GOP tax reform: How you can come out a winner

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Tax reform: How does it affect your wallet

Kiplinger Letter senior editor Nicole Duran on how the GOP tax reform bill will impact your finances.

Now that Republicans in the House and Senate have agreed upon principles for a joint tax reform proposal, individuals are analyzing how their finances will be impacted under the new legislation.

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One expert told FOX Business that everybody has the opportunity to benefit from the proposed reforms, it will just require some strategizing.

“No more taxes as usual: You can’t just do the same thing and let the government’s changes affect you,” Elijah Kovar, co-founder of Great Waters Financial, said. “The wealthy, no matter what changes happen, they find out how [they can] use it to their advantage. It’s time the middle class does the same thing.”

One of the main pieces of advice Kovar is giving his clients is that it’s no longer appropriate to develop tax plans on a year-to-year basis. Instead, strategies should take into account multiple years’ worth of financials.

The new bill aims to nearly double the standard deduction, to $12,000 for single filers and $24,000 for married couples filing jointly. That means, it may make sense for more people to take the standard deduction rather than itemize. However, Kovar recommends some taxpayers should consider doing both. One way to accomplish that is by bunching deductions.

“What if we can take the standard deduction in one year, but then in 2019 we pile a bunch of 2018’s expenses and pull in some of 2020’s expenses, and come up with $30,000 of itemized deductions?” Kovar explained.

By timing your payments strategically, paying your mortgage on January 1 instead of December 31 for example, you can maximize the amount of deductions in some years, while taking the standard deduction to offset the other years.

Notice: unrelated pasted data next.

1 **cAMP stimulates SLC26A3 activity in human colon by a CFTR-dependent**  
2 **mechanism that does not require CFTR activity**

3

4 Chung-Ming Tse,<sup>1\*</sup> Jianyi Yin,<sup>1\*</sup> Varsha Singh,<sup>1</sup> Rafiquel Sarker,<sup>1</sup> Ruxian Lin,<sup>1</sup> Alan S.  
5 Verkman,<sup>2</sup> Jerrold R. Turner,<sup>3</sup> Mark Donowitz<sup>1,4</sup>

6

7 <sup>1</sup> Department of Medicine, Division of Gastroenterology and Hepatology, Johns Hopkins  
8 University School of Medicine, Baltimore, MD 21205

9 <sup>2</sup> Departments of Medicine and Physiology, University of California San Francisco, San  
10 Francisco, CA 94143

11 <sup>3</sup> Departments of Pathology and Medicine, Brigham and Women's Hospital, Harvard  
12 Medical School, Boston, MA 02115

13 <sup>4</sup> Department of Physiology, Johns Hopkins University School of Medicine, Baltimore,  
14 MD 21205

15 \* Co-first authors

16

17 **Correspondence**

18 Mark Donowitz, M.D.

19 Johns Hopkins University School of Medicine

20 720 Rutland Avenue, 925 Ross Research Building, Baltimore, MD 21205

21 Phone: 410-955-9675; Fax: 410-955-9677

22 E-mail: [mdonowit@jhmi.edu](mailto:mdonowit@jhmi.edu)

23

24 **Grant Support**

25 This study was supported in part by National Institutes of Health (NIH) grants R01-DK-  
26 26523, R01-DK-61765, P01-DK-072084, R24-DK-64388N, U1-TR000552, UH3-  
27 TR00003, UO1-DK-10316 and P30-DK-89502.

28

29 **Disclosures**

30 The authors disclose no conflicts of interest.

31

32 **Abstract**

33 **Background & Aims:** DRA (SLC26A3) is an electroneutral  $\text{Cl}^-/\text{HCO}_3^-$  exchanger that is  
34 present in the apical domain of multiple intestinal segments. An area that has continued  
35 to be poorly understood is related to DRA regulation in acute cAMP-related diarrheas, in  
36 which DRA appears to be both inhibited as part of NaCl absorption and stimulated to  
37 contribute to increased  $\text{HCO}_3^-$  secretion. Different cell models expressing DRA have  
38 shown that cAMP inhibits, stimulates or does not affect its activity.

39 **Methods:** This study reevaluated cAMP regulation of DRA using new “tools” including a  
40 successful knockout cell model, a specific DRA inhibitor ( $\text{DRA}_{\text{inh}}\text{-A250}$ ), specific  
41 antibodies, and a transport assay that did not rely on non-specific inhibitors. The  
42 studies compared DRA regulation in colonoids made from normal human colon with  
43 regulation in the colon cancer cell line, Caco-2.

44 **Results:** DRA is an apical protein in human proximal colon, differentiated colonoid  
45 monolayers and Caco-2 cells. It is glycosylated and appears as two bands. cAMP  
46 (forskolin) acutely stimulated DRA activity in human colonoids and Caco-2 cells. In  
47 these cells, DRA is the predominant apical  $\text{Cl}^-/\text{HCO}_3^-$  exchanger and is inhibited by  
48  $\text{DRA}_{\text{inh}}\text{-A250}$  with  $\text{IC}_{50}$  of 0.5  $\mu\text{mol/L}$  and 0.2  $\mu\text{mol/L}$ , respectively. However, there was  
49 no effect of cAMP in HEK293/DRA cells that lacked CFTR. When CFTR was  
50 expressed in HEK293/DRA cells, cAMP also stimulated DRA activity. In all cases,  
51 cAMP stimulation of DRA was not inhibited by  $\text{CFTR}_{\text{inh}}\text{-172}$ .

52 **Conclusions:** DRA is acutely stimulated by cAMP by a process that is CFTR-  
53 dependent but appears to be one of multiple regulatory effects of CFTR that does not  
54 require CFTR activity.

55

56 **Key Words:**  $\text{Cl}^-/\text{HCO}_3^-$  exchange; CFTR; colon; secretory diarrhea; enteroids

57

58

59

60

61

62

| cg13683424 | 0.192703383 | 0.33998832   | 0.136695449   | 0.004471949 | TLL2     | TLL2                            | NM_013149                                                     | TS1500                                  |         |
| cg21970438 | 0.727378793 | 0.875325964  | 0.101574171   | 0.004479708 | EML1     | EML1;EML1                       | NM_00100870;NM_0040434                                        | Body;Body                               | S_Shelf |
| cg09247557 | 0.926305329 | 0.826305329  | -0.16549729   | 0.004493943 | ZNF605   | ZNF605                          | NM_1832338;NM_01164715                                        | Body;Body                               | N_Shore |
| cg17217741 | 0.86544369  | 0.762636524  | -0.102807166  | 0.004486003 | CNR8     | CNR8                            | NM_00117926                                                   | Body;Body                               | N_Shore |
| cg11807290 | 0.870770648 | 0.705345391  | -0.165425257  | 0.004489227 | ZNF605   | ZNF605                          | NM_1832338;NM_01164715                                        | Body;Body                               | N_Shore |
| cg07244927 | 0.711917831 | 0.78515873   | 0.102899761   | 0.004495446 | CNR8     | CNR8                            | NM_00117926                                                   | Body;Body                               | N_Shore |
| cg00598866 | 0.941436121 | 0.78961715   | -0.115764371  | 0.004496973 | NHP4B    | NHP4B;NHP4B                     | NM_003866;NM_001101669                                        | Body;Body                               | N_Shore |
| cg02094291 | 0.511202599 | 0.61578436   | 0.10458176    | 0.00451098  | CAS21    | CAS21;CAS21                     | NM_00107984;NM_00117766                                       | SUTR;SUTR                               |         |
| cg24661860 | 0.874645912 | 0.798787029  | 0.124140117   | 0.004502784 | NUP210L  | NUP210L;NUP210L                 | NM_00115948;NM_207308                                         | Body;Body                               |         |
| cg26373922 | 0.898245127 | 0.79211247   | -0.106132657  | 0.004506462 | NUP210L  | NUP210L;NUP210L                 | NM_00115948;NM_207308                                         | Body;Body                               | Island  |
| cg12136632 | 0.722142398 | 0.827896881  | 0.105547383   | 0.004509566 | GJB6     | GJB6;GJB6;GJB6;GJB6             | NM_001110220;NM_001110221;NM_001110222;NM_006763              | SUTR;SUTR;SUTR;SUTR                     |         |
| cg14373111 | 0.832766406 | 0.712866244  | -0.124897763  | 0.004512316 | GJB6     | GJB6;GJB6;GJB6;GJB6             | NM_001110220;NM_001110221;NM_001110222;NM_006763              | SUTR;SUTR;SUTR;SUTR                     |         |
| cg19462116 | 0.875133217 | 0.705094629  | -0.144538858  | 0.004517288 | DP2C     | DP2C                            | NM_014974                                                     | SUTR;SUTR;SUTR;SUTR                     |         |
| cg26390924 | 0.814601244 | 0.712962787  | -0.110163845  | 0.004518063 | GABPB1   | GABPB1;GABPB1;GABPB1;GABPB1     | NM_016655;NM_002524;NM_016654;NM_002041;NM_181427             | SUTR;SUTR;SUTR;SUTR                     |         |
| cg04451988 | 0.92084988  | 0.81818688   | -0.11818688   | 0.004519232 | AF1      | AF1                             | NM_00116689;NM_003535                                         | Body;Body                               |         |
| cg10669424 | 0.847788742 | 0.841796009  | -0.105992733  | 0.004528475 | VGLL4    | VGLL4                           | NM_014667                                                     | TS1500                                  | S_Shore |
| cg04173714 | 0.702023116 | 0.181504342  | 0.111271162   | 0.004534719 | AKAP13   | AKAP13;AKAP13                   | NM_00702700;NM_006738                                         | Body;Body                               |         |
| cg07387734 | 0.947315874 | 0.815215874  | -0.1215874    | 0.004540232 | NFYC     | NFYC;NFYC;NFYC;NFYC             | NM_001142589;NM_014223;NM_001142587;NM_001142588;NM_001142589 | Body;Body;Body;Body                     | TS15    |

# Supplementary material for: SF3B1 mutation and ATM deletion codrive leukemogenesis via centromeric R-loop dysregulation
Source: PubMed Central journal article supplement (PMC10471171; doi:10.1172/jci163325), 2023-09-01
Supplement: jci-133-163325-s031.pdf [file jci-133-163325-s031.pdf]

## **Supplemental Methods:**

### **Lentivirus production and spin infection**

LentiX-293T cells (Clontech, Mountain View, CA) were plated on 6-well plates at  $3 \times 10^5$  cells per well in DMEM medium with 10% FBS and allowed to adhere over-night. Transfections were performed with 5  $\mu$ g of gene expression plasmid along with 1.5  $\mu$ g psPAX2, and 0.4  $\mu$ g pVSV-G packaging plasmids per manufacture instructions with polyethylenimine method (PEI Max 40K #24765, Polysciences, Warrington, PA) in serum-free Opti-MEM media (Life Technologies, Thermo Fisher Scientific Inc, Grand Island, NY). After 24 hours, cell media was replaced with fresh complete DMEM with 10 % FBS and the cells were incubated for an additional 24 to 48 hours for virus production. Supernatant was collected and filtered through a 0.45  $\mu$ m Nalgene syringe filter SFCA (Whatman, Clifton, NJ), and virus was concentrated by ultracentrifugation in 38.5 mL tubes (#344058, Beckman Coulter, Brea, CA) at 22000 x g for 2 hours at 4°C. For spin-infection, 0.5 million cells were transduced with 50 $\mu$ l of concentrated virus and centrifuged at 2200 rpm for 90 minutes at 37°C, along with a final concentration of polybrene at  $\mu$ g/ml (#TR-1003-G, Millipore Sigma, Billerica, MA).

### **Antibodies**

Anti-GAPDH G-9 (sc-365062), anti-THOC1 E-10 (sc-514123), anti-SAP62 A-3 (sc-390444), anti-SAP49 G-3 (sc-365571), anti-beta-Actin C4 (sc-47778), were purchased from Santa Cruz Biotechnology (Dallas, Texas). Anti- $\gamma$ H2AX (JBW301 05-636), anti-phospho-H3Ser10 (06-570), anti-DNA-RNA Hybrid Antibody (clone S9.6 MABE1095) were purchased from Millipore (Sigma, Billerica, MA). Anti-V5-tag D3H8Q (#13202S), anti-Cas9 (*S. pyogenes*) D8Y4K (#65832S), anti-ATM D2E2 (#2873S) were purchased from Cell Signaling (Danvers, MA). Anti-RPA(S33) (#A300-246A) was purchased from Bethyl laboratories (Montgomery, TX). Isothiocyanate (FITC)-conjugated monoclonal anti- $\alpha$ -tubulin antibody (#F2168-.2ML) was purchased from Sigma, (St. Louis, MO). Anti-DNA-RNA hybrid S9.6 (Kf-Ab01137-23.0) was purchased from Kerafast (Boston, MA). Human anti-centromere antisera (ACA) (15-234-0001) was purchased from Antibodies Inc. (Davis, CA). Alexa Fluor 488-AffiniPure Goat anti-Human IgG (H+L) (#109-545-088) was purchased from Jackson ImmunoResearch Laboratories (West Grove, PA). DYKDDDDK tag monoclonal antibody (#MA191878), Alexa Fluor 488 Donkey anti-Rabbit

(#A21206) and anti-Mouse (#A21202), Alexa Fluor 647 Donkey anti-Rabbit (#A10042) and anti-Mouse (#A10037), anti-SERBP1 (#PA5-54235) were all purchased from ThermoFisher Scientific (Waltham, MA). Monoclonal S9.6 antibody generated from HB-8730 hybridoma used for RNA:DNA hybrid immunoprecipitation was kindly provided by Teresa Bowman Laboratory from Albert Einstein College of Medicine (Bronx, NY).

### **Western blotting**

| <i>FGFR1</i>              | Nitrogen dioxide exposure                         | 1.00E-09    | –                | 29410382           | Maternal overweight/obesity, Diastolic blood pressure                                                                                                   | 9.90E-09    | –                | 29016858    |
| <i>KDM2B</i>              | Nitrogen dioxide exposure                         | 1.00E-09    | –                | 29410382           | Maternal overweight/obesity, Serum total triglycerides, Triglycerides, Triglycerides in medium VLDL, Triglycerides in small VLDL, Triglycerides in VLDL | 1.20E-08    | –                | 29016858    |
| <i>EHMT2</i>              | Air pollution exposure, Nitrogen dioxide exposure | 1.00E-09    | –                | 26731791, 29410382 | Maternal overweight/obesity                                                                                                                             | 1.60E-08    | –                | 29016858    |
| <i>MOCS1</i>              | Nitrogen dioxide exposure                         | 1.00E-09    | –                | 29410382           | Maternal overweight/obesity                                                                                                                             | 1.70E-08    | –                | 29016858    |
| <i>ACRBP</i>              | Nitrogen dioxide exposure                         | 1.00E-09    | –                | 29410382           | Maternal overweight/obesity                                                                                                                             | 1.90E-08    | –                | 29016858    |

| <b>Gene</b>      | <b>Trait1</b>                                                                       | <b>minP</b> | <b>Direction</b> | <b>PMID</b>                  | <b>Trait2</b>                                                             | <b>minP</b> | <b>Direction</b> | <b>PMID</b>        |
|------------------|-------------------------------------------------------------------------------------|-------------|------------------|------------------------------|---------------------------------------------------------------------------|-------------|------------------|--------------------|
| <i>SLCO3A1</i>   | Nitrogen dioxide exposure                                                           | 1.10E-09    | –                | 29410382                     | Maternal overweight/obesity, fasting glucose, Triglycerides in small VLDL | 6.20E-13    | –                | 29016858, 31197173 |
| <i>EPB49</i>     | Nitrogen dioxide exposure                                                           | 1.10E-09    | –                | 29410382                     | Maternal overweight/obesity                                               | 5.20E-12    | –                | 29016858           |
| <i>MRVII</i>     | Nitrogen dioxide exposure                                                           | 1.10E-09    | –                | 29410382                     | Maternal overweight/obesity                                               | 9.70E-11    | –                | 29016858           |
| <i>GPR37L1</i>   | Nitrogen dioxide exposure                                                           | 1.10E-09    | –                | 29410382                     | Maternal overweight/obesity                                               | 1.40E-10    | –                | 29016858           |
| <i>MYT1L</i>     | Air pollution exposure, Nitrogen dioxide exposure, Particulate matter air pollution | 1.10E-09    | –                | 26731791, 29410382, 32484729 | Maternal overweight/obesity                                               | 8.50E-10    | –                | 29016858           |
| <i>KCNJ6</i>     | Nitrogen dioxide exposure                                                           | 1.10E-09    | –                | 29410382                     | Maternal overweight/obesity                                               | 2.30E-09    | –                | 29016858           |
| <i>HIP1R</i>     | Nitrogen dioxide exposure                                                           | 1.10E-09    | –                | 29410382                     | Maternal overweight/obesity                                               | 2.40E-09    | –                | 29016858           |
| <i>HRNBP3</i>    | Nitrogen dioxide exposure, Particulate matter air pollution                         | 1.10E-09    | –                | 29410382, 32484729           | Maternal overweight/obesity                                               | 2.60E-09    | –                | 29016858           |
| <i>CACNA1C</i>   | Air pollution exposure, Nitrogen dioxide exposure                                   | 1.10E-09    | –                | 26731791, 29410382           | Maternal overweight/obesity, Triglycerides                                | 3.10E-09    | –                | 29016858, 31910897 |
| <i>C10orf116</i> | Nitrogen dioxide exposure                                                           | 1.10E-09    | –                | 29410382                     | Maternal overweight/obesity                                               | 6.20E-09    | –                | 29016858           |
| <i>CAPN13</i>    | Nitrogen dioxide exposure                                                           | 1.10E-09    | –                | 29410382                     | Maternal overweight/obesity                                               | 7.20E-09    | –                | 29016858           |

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Some of the deductions that could work for a bunching strategy include medical payments, charitable contributions and mortgage payments.

If approved, the Republican tax bill would impose the biggest changes on the U.S. tax code in more than three decades, which is why Kovar said individuals should not expect the strategies they are using to take advantage of the current tax system to yield maximum benefits under the reformed one.

Among the major changes put forth in the bill include a $10,000 cap on state, local and property tax deductions, doubling the exemption threshold for the estate tax, repealing the Alternative Minimum Tax for corporations and increasing exemptions for individuals. The bill would also keep the seven-tier bracket system, though rates and thresholds would shift.

Lawmakers said they expected the bill to be put up for votes this week.

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